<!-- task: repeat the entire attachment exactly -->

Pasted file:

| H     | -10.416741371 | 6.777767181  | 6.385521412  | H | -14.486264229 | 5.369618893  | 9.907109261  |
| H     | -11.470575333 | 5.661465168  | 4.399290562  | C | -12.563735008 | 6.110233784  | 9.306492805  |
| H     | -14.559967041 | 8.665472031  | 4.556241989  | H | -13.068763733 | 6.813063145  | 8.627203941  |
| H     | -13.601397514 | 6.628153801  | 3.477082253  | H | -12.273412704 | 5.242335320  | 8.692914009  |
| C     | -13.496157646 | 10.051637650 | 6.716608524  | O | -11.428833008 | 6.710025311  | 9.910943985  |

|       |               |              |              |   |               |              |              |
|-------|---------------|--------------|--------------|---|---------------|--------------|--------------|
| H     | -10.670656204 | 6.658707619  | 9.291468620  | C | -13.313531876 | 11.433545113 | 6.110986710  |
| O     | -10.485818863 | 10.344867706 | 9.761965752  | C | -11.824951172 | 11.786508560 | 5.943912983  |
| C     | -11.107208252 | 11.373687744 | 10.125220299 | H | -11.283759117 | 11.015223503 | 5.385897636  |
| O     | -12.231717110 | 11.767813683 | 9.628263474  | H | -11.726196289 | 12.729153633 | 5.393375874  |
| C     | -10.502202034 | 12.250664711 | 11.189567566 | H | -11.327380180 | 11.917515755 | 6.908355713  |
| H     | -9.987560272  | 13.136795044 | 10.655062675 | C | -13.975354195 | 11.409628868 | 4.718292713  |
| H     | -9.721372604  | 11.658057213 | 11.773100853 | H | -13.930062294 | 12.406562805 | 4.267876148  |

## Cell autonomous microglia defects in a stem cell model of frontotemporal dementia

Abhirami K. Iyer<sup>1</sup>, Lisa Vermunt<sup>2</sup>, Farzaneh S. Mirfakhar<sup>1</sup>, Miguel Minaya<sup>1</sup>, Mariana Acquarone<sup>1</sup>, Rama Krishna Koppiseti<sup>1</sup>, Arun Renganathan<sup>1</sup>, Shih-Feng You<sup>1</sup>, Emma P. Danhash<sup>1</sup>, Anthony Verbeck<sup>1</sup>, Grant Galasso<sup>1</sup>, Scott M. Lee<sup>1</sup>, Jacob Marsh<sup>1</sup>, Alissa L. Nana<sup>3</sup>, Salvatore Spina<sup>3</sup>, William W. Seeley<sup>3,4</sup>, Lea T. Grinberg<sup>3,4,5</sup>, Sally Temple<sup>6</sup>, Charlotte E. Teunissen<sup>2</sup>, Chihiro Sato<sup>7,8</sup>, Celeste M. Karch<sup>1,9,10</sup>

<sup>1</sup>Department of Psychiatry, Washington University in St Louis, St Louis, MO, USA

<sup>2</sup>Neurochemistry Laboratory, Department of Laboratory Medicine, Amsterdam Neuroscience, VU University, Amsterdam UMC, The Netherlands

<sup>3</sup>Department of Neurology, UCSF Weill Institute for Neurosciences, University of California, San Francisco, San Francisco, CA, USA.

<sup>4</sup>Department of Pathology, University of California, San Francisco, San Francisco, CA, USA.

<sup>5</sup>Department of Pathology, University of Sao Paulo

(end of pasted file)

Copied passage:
| H     | -10.416741371 | 6.777767181  | 6.385521412  | H | -14.486264229 | 5.369618893  | 9.907109261  |
| H     | -11.470575333 | 5.661465168  | 4.399290562  | C | -12.563735008 | 6.110233784  | 9.306492805  |
| H     | -14.559967041 | 8.665472031  | 4.556241989  | H | -13.068763733 | 6.813063145  | 8.627203941  |
| H     | -13.601397514 | 6.628153801  | 3.477082253  | H | -12.273412704 | 5.242335320  | 8.692914009  |
| C     | -13.496157646 | 10.051637650 | 6.716608524  | O | -11.428833008 | 6.710025311  | 9.910943985  |

|       |               |              |              |   |               |              |              |
|-------|---------------|--------------|--------------|---|---------------|--------------|--------------|
| H     | -10.670656204 | 6.658707619  | 9.291468620  | C | -13.313531876 | 11.433545113 | 6.110986710  |
| O     | -10.485818863 | 10.344867706 | 9.761965752  | C | -11.824951172 | 11.786508560 | 5.943912983  |
| C     | -11.107208252 | 11.373687744 | 10.125220299 | H | -11.283759117 | 11.015223503 | 5.385897636  |
| O     | -12.231717110 | 11.767813683 | 9.628263474  | H | -11.726196289 | 12.729153633 | 5.393375874  |
| C     | -10.502202034 | 12.250664711 | 11.189567566 | H | -11.327380180 | 11.917515755 | 6.908355713  |
| H     | -9.987560272  | 13.136795044 | 10.655062675 | C | -13.975354195 | 11.409628868 | 4.718292713  |
| H     | -9.721372604  | 11.658057213 | 11.773100853 | H | -13.930062294 | 12.406562805 | 4.267876148  |

## Cell autonomous microglia defects in a stem cell model of frontotemporal dementia

Abhirami K. Iyer<sup>1</sup>, Lisa Vermunt<sup>2</sup>, Farzaneh S. Mirfakhar<sup>1</sup>, Miguel Minaya<sup>1</sup>, Mariana Acquarone<sup>1</sup>, Rama Krishna Koppiseti<sup>1</sup>, Arun Renganathan<sup>1</sup>, Shih-Feng You<sup>1</sup>, Emma P. Danhash<sup>1</sup>, Anthony Verbeck<sup>1</sup>, Grant Galasso<sup>1</sup>, Scott M. Lee<sup>1</sup>, Jacob Marsh<sup>1</sup>, Alissa L. Nana<sup>3</sup>, Salvatore Spina<sup>3</sup>, William W. Seeley<sup>3,4</sup>, Lea T. Grinberg<sup>3,4,5</sup>, Sally Temple<sup>6</sup>, Charlotte E. Teunissen<sup>2</sup>, Chihiro Sato<sup>7,8</sup>, Celeste M. Karch<sup>1,9,10</sup>

<sup>1</sup>Department of Psychiatry, Washington University in St Louis, St Louis, MO, USA

<sup>2</sup>Neurochemistry Laboratory, Department of Laboratory Medicine, Amsterdam Neuroscience, VU University, Amsterdam UMC, The Netherlands

<sup>3</sup>Department of Neurology, UCSF Weill Institute for Neurosciences, University of California, San Francisco, San Francisco, CA, USA.

<sup>4</sup>Department of Pathology, University of California, San Francisco, San Francisco, CA, USA.

<sup>5</sup>Department of Pathology, University of Sao Paulo